Remembering Grandpa

Friday, August 16, 2013

I never put much stock in the old "deaths come in threes" adage. Nevertheless, we will soon be celebrating the life of someone close to us for the third time this year.

Kenneth Stanley McCarty was a long-standing and involved member of his church, community, and family, but I just knew him as "Grandpa." Whenever I lose a grandparent, I always feel the keenest loss at feeling like I didn't really know much about them or their life, and that is true now, also, to a degree. However, I was fortunate enough to know him some, and I was glad of the time we spent together.

When I was a little girl, I used to love biking around Lacombe with Grandpa. He taught me how to use hand signals for safety, and the rules of the road when biking. He didn't take me as often as I wanted to go (something to do with him actually wanting to get some exercise, I'm sure), but those were still treasured memories.

Around the time I was born (his first grandchild), he went into semi-retirement and drove school bus for income. In between, he also picked up running as a hobby. By the time I was a teenager, he had a wall full of medals and trophies of all sizes, colours, and shapes. I remember watching him carry the Olympic Torch for a mile on its trip across Canada when the 1986 Olympics were in Calgary. It never occurred to me how special and unique that was until I would tell my friends that my Grandpa still ran marathons, and see the look of amazement on their faces.

Grandpa was extremely musical. When we were kids, he would serenade us with old songs from the 40s and 50s, or hymns, or gospel songs, and accompany himself on the guitar or the accordion. One of my favourite photos of us together is when I was still a baby, lying on their couch, Grandpa with his poofy red-brown sideburns and accordion, singing something or other to me.

When I was a teenager, he recorded a cassette tape of two songs for me--"The Bull Song", an oldie by Wilf Carter, and "The Teddy Bear's Picnic", another one he often sang by popular demand. He had a steady voice with good pitch. Unfortunately, that tape was in the vehicle that was stolen from me when I was in college, and was among the items never recovered.

A couple of years ago, some of my uncles, my mom,  and I were encouraging Grandpa to sing us a few songs. By that point, his memory had declined to the point that some of the words never did come to him. Between us, though, we did manage to remember most of "The Bull Song", a humourous tale of a cowboy who finds a rogue bull on the range and determines to bring him home at any cost. It's proper name is "The Riding of the Maverick", but everyone who knew Grandpa always just called it "The Bull Song".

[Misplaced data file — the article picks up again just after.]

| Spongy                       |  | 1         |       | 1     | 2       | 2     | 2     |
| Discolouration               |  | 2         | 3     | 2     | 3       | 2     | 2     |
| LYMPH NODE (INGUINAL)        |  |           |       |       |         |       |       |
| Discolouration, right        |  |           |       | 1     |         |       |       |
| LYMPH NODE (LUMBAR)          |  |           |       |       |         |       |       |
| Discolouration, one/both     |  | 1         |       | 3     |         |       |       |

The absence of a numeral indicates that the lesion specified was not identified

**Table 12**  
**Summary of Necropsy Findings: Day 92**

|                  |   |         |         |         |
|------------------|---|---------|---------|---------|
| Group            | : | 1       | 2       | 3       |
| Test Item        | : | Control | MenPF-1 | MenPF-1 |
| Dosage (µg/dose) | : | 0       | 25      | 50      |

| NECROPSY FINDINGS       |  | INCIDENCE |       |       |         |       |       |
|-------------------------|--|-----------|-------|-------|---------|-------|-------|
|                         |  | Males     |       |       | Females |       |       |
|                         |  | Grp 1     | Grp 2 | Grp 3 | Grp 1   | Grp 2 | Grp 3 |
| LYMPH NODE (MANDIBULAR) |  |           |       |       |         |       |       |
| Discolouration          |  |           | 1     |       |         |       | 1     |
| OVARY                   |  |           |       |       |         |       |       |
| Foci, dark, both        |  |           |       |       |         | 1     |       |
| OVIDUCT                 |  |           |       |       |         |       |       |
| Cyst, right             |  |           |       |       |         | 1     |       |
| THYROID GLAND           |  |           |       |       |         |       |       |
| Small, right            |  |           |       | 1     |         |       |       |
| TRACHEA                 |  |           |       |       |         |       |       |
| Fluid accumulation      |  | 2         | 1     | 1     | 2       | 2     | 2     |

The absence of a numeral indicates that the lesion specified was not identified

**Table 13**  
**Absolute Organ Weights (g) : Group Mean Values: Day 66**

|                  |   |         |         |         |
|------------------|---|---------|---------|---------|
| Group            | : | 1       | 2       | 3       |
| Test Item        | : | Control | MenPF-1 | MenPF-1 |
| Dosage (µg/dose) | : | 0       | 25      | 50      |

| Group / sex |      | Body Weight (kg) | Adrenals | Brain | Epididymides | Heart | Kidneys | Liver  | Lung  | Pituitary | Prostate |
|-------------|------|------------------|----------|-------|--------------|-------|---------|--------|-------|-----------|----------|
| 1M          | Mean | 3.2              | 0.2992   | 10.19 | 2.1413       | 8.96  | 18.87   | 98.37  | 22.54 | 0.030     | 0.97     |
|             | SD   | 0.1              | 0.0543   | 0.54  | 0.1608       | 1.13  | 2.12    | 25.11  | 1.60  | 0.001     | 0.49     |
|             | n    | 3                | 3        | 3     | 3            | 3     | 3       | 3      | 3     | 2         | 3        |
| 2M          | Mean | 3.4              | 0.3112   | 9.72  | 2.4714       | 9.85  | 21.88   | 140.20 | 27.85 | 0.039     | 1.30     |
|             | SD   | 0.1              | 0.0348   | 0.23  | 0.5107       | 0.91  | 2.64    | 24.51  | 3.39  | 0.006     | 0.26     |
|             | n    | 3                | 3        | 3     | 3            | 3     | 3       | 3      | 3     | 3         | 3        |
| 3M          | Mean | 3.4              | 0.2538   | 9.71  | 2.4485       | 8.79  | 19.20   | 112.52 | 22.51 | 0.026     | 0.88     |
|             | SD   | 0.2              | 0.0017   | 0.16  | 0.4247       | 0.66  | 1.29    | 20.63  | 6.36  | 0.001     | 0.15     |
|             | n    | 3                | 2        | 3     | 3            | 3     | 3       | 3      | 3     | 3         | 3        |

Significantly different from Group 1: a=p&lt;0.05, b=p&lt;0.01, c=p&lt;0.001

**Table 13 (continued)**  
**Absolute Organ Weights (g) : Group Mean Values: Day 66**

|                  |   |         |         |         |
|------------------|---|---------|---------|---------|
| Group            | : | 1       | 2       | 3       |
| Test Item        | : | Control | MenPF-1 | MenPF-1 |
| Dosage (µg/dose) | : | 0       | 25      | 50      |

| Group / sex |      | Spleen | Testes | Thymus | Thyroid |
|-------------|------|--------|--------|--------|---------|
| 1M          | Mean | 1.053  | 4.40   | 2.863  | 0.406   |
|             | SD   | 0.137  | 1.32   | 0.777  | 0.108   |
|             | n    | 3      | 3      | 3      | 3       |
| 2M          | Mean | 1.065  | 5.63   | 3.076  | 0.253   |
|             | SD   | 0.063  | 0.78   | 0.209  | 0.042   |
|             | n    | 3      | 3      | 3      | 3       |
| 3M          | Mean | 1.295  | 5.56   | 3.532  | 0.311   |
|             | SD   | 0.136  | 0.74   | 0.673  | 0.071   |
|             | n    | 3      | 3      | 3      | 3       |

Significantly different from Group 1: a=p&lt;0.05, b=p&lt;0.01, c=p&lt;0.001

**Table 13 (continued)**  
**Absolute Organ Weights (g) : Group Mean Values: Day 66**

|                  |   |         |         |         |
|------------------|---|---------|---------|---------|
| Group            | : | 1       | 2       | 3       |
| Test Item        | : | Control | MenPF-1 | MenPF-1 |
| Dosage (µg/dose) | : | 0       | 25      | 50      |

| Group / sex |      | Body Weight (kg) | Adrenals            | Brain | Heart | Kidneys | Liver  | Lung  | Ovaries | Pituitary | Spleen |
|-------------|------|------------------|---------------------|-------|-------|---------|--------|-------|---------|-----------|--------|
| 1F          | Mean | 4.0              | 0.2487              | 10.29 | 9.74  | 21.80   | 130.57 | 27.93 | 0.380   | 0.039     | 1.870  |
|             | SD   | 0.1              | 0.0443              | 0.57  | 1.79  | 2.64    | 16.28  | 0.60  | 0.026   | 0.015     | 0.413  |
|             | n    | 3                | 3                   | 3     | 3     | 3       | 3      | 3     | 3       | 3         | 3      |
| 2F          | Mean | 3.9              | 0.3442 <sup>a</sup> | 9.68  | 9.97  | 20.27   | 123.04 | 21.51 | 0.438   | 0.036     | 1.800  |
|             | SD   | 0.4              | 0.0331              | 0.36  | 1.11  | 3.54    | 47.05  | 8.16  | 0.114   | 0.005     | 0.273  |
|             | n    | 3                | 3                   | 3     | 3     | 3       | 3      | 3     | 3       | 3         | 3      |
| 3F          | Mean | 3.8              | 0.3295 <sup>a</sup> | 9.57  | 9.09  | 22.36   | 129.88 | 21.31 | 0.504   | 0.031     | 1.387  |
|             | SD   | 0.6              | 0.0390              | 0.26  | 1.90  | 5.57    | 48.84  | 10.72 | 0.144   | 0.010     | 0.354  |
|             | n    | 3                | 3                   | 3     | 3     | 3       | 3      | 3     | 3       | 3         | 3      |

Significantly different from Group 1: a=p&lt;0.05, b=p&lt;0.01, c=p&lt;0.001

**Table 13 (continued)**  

When I reached adulthood, Grandpa seemed much more meek and timid than I remembered him. Really, he was always just kind of quiet, and that reserved nature sometimes made me unsure around him as an adult. I have one very vivid memory of him and Grandma at our kitchen table, though. They had come to visit us when Jason and I still lived in Sylvan Lake. Grandma made some remark, like she tends to do, that hinted that "Ken" wasn't living up to her expectations. For the first time (in my memory), I heard him make a rather witty comment back. She did not catch it, but I did. It was the first time I had seen him stand up to her bullying a bit, and after that, I had more respect for the man. I suddenly saw a man who maybe didn't show it most of the time, but who had loved this woman, despite her flaws, for so many years that little comments like she makes didn't concern him. They were her problem, not his. He just lived his life, anyway, doing the best he could with the cards he was dealt.

Seeing his mental and physical decline over the last few years has been hard, made worse because it seems so sudden. For a man winning gold marathon medals into his seventies to go downhill so quickly was quite shocking to me, and it was emphasized by difference between visits with my sporadic contact with him. I think he always remembered me when he saw me, but I saw the haze of confusion in his eyes for a few minutes when he saw my boys, until he put the pieces together again.

Grandpa always had a hug, and a smile, and a helping hand for those that needed it. He lived his faith, and was generous to a fault.

I'll miss you, Grandpa, but I look forward to catching up with you when we're both on the other side of the Pearly Gates. Scout out the best scenic routes--I bet biking around the Holy City will be the best memory yet.

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